John Bolton says he’s “prepared to testify” in impeachment trial if Senate issues subpoena

Bolton called the Ukraine scheme a "drug deal" and referred it to White House lawyers, his former deputy testified

By Igor Derysh

Senior News Editor

Published January 6, 2020 4:30PM (EST)

US National Security Adviser John Bolton (Pavlo Gonchar/SOPA Images/LightRocket via Getty Images)
US National Security Adviser John Bolton (Pavlo Gonchar/SOPA Images/LightRocket via Getty Images)

Former national security adviser John Bolton announced on Monday that he is willing to testify at President Donald Trump’s impeachment trial if he is subpoenaed by the Senate.

“I have concluded that, if the Senate issues a subpoena for my testimony, I am prepared to testify,” Bolton said in a statement on his website.

Bolton said he had been waiting for the resolution of a court case involving his former deputy, Charles Kupperman, to determine whether he could be compelled to testify during the House of Representatives’ impeachment inquiry. But the House ultimately withdrew its subpoena of Kupperman and the court did not rule on his case.

“It now falls to the Senate to fulfill its Constitutional obligation to try impeachments, and it does not appear possible that a final judicial resolution of the still-unanswered Constitutional questions can be obtained before the Senate acts,” he said. “Accordingly, since my testimony is once again at issue, I have had to resolve the serious competing issues as best I could, based on careful consideration and study.”

The statement is likely to put pressure on Senate Majority Leader Mitch McConnell, who has thus far resisted Democratic demands to have Bolton and other administration officials testify at Trump’s impeachment trial. Bolton gave McConnell a heads-up before releasing the statement, according to CNN, but did not inform the White House.

A senior Democratic aide told the network that House Speaker Nancy Pelosi’s decision to withhold the articles of impeachment from the Senate played a role in Bolton’s decision.

"We would not have this development absent the speaker's hold," the aide said. "Another proof point that indicates the value of her strategy."

But CNN also noted that Bolton was “surprised and curious” that he was not subpoenaed by the House during their impeachment proceedings.

The Senate would require 51 votes to compel Bolton’s testimony, which means four Republicans would have to join with every Democrat, Politico reports. Even if the Senate issues a subpoena, the Trump administration could attempt to enjoin Bolton's testimony in court.

Bolton would be the most senior former Trump adviser to testify about Trump’s pressure on Ukraine to investigate his rivals while withholding nearly $400 million in military aid. Former Bolton deputy Fiona Hill testified to House investigators that Bolton referred to the Ukraine scheme as a “drug deal” and warned that Trump attorney Rudy Giuliani was a “hand grenade who’s going to blow everybody up.” Hill also testified that Bolton instructed her to report European Union ambassador Gordon Sondland’s discussion with Ukrainian officials about the scheme to White House lawyers.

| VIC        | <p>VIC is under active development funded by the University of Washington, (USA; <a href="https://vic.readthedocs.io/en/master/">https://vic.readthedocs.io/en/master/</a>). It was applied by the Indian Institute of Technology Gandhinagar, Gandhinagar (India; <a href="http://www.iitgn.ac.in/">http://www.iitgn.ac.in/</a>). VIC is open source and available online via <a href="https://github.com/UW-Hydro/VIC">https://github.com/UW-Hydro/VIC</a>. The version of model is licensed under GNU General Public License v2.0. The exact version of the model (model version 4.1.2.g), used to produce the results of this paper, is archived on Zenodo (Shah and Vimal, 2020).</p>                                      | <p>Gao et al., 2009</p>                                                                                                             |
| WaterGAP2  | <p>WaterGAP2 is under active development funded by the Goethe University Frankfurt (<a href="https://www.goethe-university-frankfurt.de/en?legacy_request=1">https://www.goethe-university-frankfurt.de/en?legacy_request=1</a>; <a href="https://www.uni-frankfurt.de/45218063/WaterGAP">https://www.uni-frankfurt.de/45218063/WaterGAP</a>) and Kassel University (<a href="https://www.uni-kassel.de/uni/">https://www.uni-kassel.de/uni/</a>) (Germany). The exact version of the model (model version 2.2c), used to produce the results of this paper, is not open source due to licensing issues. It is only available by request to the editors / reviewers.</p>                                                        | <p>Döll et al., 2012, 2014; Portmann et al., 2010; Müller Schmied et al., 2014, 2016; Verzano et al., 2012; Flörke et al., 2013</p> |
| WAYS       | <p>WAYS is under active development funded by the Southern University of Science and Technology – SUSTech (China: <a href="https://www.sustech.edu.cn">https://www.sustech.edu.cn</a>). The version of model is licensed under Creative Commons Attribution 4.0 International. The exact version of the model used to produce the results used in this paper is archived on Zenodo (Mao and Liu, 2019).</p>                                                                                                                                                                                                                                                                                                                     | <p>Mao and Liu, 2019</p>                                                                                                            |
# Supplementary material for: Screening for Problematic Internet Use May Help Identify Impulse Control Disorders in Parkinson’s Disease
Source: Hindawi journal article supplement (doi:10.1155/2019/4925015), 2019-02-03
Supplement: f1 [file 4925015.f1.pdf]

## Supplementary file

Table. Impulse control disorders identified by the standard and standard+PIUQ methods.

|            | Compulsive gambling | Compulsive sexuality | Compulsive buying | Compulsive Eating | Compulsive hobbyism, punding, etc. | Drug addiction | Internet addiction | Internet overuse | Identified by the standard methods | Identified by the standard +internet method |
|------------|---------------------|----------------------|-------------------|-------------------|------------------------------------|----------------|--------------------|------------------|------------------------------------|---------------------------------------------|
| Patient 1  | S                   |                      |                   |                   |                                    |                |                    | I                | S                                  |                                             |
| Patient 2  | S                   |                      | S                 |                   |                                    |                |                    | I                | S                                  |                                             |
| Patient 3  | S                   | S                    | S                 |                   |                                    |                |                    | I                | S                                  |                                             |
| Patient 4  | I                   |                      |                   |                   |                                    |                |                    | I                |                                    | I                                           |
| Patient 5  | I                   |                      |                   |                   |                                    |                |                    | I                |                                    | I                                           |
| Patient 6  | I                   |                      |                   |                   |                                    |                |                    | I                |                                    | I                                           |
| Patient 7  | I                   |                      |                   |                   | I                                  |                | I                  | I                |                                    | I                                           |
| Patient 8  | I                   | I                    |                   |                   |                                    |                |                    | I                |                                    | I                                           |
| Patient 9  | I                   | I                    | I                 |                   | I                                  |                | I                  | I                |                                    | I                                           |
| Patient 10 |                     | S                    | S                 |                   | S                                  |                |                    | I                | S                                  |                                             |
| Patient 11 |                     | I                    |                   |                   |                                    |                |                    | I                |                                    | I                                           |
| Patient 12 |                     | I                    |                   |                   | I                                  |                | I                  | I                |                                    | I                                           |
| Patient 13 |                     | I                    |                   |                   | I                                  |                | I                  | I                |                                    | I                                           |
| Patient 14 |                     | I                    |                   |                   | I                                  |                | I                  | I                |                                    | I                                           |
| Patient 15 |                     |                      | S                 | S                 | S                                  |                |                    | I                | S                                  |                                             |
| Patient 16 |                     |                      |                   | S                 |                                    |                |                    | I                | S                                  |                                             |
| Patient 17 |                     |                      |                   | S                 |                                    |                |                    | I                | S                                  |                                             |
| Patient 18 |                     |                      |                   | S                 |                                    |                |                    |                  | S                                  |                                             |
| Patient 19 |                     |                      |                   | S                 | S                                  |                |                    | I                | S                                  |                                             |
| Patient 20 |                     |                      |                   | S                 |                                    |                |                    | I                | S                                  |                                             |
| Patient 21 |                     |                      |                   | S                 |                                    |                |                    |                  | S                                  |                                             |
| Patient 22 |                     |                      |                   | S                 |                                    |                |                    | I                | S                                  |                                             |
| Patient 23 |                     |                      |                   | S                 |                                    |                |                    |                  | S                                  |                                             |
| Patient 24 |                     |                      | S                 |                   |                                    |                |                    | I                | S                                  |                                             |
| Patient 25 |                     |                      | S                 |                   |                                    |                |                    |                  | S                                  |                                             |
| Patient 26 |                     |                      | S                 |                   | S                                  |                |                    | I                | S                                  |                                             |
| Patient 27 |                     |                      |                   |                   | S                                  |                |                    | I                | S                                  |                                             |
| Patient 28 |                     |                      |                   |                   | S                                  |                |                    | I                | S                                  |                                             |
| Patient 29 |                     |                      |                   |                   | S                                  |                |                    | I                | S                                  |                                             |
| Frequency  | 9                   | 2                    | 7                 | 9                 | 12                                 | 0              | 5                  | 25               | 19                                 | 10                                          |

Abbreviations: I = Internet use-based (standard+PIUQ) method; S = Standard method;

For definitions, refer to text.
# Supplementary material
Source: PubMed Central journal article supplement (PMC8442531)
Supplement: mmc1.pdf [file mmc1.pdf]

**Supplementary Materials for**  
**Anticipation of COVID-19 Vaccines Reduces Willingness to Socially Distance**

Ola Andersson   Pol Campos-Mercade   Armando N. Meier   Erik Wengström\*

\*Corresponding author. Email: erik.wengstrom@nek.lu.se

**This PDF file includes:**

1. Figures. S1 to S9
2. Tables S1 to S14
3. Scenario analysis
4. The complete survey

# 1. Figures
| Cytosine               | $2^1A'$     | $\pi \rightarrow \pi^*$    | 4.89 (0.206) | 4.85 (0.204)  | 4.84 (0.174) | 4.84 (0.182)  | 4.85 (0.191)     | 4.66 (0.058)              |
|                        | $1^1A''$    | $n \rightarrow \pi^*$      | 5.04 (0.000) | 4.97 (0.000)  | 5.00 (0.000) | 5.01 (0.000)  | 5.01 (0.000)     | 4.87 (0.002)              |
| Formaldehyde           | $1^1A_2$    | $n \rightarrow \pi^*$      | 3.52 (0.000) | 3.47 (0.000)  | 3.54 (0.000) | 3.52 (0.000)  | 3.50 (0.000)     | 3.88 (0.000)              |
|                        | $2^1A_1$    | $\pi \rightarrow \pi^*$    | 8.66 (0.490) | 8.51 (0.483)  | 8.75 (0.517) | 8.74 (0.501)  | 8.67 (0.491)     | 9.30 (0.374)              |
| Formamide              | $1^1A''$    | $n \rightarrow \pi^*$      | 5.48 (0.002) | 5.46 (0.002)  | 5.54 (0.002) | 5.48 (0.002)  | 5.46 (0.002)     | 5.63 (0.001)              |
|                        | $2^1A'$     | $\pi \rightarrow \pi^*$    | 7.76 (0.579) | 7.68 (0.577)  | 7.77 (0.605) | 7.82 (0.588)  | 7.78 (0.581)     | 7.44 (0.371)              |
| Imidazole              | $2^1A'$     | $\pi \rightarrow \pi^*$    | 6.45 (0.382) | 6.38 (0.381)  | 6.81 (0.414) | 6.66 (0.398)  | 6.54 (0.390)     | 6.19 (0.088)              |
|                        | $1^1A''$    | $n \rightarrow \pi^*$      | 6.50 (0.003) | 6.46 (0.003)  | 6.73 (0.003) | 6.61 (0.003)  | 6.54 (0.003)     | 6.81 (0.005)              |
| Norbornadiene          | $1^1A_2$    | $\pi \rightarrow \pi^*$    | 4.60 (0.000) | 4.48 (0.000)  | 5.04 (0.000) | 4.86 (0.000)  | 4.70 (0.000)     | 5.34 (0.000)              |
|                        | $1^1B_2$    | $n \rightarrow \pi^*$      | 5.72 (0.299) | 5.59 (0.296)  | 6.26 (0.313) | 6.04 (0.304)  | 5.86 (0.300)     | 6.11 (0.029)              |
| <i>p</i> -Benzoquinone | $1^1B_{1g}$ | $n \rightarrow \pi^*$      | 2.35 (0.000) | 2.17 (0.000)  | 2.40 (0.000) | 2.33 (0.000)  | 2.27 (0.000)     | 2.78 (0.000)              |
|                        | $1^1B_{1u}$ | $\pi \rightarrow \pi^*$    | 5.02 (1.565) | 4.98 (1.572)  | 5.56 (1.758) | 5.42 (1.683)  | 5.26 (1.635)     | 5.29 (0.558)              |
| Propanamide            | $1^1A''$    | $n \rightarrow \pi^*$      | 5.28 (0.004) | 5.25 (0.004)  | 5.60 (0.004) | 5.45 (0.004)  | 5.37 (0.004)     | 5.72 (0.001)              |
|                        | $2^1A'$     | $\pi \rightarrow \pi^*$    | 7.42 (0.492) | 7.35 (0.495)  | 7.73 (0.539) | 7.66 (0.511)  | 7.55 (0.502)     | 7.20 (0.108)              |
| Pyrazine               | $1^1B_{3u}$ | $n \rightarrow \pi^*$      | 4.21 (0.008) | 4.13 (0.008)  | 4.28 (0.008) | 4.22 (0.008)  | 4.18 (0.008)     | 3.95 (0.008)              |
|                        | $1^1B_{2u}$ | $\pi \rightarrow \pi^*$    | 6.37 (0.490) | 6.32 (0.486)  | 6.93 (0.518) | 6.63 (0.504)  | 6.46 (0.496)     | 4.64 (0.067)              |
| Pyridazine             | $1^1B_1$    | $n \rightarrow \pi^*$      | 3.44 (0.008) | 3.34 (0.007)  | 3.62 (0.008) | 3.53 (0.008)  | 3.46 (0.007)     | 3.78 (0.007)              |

Axios reported in November that Bolton would be the impeachment probe’s “biggest wildcard” because Trump administration officials worry that he was “the most prolific note-taker” and had more details about the Ukraine scheme than any of the witnesses the House interviewed.

"Bolton was a voracious note-taker, in every meeting," an administration source told the outlet.

Bolton attorney Charles Cooper said in a letter to the House in November that his client was “personally involved in many of the events, meetings, and conversations about which you have already received testimony, as well as many relevant meetings and conversations that have not yet been discussed in the testimonies thus far."

Republicans argue it is too late to hear from witnesses like Bolton after the House already voted to impeach the president.

“It was the House’s job to develop evidence. Bolton’s statement doesn’t change the Senate’s role in ruling on the evidence provided by the House,” a White House official told NBC News.

McConnell made a similar argument on the Senate floor last month.

“The Senate is meant to act as judge and jury to hear a trial, not to rerun the entire fact-finding investigation because angry partisans rushed sloppily through it,” he said.

Rep. Ted Lieu, D-Calif., who sits on the House Judiciary Committee, said there was no reason for Republicans to refuse Bolton’s testimony.

“The only reason the GOP controlled Senate would refuse to subpoena John Bolton to testify is because they are afraid of what he will tell the American people. That is not a valid excuse,” Lieu wrote. “Also, I'm sure the House would be willing to have [Bolton] testify under oath.“

By Igor Derysh

Igor Derysh is Salon's senior news editor. His work has also appeared in the Los Angeles Times, Chicago Tribune, Boston Herald and Baltimore Sun.

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